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    HO 211 and Calculator Almanacs
    From: Gordon Talge
    Date: 1999 Sep 07, 11:12 PM

    First HO 211:
    I have seen several HO 211s for sale at used book stores. They usually
    sell for around $3.00 to $6.00. I have also seen Ageton's later methods
    that contain HO 211 plus combine it with a later method of his.
    Second Calculator Almanacs:
    There seems to be several ideas for Calculator Almanacs.
    1) Have polynomial approximations for the Sun, Moon, Planets etc.
       a la the USNO's now out of print, "Almanac for Computers".
       HMNAO in Britain publishes almost the same thing with their
       polynomials. Matter of fact, you can take the USNO's polynomials
       and turn them into HMNAO's.
       A couple of years back I wrote a program to make these polynomials
       from DE200/LE200 the JPL ephemeris that the Nautical Almanac is
       based on.
    2) Another method is to use the French "VSOP87". An abreviated version
       is in the book, "Astronomical Alogrithms", by Jean Meeus. The full
    versions    you can get off the net from the BDL in Paris.
       The HP48 Navigation Card by Sparcom uses this. The series for
       the Moon is lifted verbatum from Meeus' book.
       For the Planets, it uses a truncated VSOP87C which is the "Heliocentric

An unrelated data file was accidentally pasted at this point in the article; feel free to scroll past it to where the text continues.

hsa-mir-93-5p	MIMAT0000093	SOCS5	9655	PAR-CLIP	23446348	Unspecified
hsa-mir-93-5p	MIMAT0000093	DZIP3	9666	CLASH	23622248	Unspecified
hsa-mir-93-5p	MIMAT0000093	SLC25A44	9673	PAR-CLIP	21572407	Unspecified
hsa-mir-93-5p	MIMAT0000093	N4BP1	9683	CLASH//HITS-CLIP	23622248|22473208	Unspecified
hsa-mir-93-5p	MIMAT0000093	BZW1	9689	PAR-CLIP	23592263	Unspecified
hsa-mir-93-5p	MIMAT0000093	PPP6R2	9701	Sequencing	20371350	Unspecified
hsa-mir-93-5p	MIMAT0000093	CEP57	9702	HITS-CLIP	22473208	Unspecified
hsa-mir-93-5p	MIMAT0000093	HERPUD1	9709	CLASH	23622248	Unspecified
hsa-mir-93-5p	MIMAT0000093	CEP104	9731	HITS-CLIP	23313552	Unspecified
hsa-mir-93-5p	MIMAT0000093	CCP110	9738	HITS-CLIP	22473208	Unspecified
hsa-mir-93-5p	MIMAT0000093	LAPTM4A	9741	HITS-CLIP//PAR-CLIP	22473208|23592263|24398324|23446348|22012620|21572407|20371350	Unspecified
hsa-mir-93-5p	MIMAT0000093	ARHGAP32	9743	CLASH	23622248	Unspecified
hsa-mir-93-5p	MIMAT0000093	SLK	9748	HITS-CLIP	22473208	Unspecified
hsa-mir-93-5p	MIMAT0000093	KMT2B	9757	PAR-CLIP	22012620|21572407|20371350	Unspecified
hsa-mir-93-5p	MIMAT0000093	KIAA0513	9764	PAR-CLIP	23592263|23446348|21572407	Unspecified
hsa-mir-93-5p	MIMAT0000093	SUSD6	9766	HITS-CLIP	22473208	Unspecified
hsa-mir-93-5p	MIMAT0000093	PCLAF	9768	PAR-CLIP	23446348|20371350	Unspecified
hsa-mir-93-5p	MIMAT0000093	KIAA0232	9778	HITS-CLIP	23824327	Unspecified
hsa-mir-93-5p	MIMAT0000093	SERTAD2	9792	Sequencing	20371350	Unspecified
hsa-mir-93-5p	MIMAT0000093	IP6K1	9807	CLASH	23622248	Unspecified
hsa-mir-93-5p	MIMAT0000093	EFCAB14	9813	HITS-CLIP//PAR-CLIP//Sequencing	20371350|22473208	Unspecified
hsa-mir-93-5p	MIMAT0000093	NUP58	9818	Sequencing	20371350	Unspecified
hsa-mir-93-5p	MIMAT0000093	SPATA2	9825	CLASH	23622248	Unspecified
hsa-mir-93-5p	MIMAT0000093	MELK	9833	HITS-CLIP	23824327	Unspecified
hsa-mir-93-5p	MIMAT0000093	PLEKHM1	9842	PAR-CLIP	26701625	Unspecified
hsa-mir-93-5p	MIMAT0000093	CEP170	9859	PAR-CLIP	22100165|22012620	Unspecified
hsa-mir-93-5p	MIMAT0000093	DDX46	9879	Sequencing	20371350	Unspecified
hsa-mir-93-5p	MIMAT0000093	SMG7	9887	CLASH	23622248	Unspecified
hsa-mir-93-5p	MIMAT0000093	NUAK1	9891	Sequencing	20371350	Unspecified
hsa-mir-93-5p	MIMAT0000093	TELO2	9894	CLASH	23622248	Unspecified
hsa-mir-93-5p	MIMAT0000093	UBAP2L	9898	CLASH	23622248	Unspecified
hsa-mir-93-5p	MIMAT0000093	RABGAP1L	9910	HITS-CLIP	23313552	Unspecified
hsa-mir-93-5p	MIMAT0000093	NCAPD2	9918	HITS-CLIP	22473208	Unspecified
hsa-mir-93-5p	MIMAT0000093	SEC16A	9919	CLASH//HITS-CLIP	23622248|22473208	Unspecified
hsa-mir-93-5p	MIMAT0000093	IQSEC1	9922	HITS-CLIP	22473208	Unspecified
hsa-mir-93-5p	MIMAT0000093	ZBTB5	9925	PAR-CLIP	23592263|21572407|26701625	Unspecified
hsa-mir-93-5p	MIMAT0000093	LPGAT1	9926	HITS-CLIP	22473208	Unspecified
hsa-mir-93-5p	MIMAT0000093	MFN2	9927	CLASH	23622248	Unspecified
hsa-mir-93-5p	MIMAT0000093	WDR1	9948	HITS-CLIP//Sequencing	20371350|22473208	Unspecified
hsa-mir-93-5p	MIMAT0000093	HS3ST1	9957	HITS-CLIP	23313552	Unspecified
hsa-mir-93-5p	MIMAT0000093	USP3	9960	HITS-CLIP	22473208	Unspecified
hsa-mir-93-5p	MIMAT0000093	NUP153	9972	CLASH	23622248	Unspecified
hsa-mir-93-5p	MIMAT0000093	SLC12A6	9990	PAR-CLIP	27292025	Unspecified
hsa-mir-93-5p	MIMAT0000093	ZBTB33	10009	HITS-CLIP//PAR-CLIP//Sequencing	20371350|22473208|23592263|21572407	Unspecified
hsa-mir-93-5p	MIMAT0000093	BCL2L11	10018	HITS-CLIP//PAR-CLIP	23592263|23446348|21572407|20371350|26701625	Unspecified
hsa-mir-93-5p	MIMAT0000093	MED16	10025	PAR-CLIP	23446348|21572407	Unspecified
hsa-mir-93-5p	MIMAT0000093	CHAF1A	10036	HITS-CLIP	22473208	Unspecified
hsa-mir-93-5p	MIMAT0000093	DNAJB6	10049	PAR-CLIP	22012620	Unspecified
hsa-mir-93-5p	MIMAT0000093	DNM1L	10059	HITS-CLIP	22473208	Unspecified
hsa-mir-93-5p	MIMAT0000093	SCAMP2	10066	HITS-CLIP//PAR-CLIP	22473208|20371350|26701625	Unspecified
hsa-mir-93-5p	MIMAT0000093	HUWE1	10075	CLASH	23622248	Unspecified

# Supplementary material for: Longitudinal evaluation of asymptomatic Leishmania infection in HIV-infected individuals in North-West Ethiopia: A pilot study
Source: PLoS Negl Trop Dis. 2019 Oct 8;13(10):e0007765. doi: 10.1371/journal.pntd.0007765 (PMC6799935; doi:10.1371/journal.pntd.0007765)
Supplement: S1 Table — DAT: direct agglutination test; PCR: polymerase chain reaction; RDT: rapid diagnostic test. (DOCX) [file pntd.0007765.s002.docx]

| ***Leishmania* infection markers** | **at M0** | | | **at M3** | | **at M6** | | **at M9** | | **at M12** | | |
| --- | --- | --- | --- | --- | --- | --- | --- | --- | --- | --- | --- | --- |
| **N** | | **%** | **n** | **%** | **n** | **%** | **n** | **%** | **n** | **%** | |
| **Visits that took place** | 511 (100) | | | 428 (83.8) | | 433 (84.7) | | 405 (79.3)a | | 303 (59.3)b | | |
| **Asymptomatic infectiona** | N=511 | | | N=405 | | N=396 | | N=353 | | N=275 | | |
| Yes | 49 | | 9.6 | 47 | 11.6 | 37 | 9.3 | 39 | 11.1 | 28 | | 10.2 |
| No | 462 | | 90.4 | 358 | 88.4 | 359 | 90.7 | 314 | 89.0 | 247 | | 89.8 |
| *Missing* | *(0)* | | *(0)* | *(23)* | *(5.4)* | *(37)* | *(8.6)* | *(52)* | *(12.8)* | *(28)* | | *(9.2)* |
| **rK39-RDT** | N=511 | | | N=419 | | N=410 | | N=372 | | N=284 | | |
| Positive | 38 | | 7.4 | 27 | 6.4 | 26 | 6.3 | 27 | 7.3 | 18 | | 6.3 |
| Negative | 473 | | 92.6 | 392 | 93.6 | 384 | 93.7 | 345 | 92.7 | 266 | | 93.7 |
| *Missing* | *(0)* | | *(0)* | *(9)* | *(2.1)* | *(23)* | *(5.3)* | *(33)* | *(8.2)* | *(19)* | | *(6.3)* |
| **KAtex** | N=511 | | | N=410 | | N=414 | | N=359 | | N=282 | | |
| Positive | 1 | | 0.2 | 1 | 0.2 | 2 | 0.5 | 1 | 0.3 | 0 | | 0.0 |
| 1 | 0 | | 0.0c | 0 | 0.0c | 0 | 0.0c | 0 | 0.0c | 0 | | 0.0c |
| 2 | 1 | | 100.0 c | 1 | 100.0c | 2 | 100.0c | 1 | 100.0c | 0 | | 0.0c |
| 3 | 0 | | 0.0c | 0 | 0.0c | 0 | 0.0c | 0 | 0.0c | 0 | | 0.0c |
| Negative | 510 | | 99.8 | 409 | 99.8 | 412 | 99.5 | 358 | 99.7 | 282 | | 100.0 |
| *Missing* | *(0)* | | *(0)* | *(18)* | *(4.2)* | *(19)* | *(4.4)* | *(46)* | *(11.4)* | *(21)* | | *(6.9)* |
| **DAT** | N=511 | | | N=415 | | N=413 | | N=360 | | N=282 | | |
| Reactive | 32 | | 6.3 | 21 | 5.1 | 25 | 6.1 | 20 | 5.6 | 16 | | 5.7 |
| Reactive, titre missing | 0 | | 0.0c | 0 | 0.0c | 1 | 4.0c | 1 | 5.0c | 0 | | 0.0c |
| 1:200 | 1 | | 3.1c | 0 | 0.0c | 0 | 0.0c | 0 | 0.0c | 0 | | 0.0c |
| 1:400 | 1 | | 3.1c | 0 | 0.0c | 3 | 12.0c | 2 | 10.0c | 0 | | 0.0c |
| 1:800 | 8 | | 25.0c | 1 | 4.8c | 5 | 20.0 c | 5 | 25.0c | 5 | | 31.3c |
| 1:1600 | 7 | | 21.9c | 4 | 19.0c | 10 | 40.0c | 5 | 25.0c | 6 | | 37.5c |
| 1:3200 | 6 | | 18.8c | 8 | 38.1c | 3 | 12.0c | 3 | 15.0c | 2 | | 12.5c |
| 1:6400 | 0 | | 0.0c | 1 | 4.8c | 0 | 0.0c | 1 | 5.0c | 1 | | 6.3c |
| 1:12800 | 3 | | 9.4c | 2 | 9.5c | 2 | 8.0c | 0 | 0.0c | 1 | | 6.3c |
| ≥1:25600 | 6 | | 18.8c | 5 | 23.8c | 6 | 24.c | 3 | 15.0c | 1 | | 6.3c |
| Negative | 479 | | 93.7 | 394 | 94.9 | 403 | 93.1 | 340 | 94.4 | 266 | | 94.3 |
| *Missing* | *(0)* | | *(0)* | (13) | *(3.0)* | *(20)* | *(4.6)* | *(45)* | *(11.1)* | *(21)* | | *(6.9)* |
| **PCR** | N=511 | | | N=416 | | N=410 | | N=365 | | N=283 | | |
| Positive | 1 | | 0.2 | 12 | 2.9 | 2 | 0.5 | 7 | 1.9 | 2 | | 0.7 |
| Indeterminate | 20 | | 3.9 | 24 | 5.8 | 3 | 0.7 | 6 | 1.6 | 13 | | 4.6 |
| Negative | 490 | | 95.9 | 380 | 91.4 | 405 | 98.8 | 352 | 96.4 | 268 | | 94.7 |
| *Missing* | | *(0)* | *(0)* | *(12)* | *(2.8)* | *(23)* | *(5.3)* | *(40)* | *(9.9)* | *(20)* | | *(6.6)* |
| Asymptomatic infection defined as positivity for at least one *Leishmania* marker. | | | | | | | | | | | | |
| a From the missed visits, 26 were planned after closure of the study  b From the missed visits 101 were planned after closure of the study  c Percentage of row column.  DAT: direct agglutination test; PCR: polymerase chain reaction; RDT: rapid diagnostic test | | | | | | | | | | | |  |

Dynamical Eclipitc and Equinox of the Date in rectangular coordinates
       (X,Y,Z) then converted to GHA and Dec.
       The series are "Poisson Series" which means the terms of the series
       are themselves series. A real bear to evaluate without a computer
       or high powered calculator.
       For example, a reasonable series for the Earth ( Sun ) might take
       43 terms for the 1st term of X, 3 terms for the 2nd term for X,
       and 1 term for the 3rd term for X. Duplicate this for Y.
       Things are a little better for Z. Maybe only 2 terms for only
       1 term for Z. The precision of the retained terms can be
       calculated from a little formula given nu sq(n)A where nu =2
       and n is the number of retained terms and A is the smallest
       amplitude retained.
       You can get all the info from "Planetary theories in rectangular
       and spherical variables. VSOP87 solutions" by P. Bretagnon and
       G. Francou. Astron. Astrophys. 202, 309-315 (1988).
       3) Another method which I am thinking about working on is to
          use the BDL's "Connaissance des Temps". These are chebyshev
          series that are much faster and easier to evaluate and give
          the full accuracy of the VSOP87 which has thousands of terms.
          The down side is that the polynomials have to replaced every
          year. Upside, you can get them free off the net and down load
          them into your calculator.
     -- Gordon
                                        (. .)
             |  Gordon Talge WB6YKK            e-mail: gtalge@pe.net  |
             |  Department of Mathematics      QTH: Loma Linda, CA    |
             |  Aquinas High School            Lat.  N  34� 03.1'     |
             |  San Bernardino, CA 92404       Long. W 117� 15.2'     |
             |  http://www.AquinasHS.net                              |

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